by Shannon Butler This week, we investigate the Pringle Home as we continue to look at interesting buildings of Poughkeepsie that are no longer standing. Before we begin, let' s answer the thought that just popped into some of your minds by saying: no, it's not the home of the delicious potato chips (disappointing, we know). Actually, it has a much more sentimental value than a tasty sour cream and onion crisp. The home was the creation of a trio of loving siblings. They were devoted to each other and to the idea that men in their elder years should be able to retire in peace, comfort, and dignity. So began the story of "The Pringle Home for Aged Literary Men." Margaret, Samuel, and Mulligan Pringle all lived in New York City in the early 1800s. Margaret married David Fenton and the two had no children; they lived a very frugal life in Greenwich Village, surrounded by writers, artists, and musicians. Her brothers both worked hard in their lives and neither ever married or produced any children. When her brother Mulligan retired in his later years, he had no place in which to grow old, no one to care for him, [...]

No Longer Standing: Buildings of Poughkeepsie – The Pringle Home2024-05-10T11:56:52-04:00

No Longer Standing: Buildings of Poughkeepsie – Lincoln Center

by Shannon Butler How many of you remember spending a day at Lincoln Center? Perhaps you enjoyed playing basketball or cooling off in the wading pool? Did you attend any classes in woodworking or weaving? Or maybe you joined up with the drum corps or rhythm band? The south side of Poughkeepsie was quite fortunate to have a place where kids could go to learn, play, and connect with their community in a positive way. For over 40 years, Lincoln Center was a place that felt like home to many, and it inspired the young people of Poughkeepsie to be better and to do good works. The idea for such a place started off with the desire for students and staff at Vassar College to become more engaged with the community. It was 1917 when a group of students first created a play group for local children. The timing was right, as there was certainly a need for a safe place for children to be and the poor side of Poughkeepsie began to become more obvious and more defined. Within a year of its creation, the flu epidemic broke out and Lincoln Center (which was then renting a small space on [...]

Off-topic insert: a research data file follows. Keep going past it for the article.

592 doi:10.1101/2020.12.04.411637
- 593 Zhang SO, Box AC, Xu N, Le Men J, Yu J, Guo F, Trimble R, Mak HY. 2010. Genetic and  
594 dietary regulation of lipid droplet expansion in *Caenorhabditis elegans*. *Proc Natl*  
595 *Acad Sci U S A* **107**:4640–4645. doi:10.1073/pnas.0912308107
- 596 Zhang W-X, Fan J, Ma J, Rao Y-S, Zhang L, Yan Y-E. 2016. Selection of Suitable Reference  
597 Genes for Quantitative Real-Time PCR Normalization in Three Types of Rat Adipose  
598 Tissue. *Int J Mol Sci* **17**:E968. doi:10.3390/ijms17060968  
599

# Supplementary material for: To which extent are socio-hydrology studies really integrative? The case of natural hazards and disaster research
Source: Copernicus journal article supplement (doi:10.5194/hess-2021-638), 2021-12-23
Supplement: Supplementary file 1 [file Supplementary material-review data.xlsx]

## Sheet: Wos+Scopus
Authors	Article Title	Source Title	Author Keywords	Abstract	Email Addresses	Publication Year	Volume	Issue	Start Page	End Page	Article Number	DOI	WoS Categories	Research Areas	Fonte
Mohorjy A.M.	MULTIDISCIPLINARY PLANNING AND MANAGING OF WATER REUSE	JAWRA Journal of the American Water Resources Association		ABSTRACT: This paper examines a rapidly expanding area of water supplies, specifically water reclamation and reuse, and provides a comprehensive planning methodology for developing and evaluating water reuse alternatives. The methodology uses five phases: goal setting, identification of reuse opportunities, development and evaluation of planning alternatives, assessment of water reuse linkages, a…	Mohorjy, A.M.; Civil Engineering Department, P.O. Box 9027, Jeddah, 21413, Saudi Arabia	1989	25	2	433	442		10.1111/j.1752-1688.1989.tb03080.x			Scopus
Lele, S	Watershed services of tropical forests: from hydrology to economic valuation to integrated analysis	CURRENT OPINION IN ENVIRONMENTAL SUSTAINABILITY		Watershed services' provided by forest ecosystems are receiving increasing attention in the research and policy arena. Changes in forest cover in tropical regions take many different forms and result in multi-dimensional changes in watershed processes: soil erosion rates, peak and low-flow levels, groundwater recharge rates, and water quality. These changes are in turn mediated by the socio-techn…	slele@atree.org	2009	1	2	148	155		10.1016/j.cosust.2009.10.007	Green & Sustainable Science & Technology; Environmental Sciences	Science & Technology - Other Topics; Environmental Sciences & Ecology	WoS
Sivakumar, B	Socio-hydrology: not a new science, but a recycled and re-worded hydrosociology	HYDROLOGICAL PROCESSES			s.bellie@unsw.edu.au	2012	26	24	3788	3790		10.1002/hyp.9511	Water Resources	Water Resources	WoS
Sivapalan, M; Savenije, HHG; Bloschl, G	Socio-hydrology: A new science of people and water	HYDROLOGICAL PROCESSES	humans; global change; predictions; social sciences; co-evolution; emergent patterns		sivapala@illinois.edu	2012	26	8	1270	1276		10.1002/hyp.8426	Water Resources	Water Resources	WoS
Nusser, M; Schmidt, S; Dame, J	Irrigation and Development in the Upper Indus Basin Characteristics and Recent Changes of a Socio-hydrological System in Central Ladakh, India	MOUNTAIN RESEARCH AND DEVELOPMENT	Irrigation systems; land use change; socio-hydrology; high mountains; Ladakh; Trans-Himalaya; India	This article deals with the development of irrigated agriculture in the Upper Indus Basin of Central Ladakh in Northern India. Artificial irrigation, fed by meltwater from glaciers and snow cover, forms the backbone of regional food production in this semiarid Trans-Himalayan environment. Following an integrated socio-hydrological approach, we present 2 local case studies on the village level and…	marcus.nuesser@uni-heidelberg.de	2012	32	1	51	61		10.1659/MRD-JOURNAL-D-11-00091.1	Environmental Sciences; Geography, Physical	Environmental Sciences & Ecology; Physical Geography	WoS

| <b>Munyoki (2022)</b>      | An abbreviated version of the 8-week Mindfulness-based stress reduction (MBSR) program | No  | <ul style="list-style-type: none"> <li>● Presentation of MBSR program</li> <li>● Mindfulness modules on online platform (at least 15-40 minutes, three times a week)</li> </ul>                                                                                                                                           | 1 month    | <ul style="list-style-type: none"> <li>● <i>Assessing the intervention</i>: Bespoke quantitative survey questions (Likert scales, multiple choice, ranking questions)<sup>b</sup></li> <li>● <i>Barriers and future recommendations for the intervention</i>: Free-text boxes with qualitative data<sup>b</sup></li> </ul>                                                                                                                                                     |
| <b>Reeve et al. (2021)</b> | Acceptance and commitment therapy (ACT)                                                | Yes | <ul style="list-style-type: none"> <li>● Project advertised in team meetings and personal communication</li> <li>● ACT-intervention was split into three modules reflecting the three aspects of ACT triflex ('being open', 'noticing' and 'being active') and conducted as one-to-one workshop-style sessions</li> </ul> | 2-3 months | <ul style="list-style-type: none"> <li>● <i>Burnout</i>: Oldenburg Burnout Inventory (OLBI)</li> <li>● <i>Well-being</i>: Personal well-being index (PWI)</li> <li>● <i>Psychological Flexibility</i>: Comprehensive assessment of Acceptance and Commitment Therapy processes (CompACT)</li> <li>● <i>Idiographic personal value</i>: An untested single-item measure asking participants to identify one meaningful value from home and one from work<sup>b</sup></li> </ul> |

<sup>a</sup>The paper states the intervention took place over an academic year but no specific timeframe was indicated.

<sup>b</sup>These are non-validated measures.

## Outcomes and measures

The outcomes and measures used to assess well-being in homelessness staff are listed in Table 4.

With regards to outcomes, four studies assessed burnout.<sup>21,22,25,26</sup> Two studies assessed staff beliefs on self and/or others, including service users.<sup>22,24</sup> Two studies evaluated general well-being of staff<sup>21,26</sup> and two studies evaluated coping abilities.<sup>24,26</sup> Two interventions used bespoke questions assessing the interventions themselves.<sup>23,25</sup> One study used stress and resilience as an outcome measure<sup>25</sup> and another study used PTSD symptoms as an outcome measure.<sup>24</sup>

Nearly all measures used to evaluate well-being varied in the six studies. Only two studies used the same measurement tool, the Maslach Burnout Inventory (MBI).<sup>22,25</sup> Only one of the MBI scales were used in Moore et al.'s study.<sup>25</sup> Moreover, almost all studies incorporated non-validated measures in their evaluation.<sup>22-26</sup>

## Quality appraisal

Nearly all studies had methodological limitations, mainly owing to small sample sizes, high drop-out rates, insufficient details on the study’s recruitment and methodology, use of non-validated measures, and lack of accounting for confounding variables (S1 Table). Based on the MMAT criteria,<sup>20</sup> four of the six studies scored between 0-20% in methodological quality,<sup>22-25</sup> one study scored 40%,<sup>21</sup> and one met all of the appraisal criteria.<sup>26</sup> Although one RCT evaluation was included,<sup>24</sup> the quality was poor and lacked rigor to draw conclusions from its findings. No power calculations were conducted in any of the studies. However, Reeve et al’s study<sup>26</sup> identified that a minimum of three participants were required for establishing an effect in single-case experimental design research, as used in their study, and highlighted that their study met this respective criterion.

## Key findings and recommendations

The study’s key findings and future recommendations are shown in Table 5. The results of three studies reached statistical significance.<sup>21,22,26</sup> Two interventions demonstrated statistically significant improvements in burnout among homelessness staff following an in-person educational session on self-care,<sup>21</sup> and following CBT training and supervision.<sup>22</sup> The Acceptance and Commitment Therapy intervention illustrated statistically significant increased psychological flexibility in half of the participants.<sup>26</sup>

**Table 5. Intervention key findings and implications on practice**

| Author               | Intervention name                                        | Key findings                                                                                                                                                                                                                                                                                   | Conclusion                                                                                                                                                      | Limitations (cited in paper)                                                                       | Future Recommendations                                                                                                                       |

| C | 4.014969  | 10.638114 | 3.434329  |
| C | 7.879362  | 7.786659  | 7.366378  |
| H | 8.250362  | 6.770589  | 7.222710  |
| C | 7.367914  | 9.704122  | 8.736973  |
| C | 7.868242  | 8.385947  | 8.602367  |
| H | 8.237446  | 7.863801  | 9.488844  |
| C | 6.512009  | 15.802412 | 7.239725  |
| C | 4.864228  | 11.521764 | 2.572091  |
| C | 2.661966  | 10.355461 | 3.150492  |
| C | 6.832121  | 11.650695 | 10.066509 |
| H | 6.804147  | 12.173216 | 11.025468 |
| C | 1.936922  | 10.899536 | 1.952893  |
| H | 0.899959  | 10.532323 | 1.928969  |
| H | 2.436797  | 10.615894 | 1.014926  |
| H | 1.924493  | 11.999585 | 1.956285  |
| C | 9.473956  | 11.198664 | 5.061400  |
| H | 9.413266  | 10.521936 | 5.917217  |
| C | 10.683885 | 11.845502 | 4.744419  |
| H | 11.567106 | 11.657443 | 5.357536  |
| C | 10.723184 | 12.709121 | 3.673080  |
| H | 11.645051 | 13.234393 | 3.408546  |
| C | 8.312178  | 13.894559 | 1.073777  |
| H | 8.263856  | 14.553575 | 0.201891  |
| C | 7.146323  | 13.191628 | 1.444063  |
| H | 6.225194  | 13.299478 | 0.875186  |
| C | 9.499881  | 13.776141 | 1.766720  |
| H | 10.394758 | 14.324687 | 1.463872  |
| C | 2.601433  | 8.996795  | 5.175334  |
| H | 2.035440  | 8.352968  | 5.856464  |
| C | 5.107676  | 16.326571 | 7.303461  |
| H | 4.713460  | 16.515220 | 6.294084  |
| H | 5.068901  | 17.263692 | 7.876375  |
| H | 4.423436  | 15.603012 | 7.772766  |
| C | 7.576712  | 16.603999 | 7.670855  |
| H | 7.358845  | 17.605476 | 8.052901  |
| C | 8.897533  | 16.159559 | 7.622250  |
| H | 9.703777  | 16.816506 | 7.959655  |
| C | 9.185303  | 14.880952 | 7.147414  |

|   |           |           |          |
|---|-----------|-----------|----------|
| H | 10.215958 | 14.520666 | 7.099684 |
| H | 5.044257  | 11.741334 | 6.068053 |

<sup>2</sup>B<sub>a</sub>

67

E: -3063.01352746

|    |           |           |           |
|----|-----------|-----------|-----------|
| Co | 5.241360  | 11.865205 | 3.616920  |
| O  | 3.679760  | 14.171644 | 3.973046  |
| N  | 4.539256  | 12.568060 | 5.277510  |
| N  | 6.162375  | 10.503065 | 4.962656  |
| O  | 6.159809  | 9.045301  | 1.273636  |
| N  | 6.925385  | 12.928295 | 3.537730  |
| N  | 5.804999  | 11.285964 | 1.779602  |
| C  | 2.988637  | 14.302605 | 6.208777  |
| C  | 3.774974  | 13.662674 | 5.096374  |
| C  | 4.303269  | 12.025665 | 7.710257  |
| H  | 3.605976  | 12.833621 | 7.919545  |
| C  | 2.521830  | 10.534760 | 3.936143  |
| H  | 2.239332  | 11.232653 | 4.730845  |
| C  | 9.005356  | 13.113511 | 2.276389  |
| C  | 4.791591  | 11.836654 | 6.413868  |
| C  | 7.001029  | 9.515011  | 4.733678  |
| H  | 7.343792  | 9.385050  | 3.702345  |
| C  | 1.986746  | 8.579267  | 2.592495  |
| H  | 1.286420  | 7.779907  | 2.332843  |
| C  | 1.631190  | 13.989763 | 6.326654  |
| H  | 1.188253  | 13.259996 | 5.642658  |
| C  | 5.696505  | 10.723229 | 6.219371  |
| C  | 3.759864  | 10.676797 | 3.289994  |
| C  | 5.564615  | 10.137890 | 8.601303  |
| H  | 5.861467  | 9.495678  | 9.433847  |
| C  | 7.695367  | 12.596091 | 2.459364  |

No Longer Standing: Buildings of Poughkeepsie – Lincoln Center2024-05-10T11:53:48-04:00

Art in Poughkeepsie: The Frances Lehman Loeb Art Center

by Shannon Butler If you’re like us, you have seriously missed going out to museums and art galleries. However, things are slowly beginning to open up and we have a fabulous teaching museum/art gallery right here in Poughkeepsie that will both inspire and educate at the same time. They even have a wonderful new exhibit which showcases women in the world of art. “Women Picturing Women'' is currently on view at the Frances Lehman Loeb Art Center at Vassar College, from now until June 13th, and as you may have read in a previous blog post, the gallery has a truly great history of collecting some amazing art. The museum began when Matthew Vassar purchased a massive collection from the Rev. Elias Magoon, in the 1860s. This collection focused on the works of the Hudson River School artists like Frederic Church and Asher Durand. This was long before the Metropolitan Museum opened its doors (which was in 1880, by the way). In the report of the committee on the art gallery made in 1864, Rev. Magoon, who served as the chairman of the committee wrote, "Art is diviner than science; the latter discovers, this creates." He went on to explain the [...]

Art in Poughkeepsie: The Frances Lehman Loeb Art Center2024-05-10T11:29:38-04:00

No Longer Standing: Buildings of Poughkeepsie – Lyndon Hall School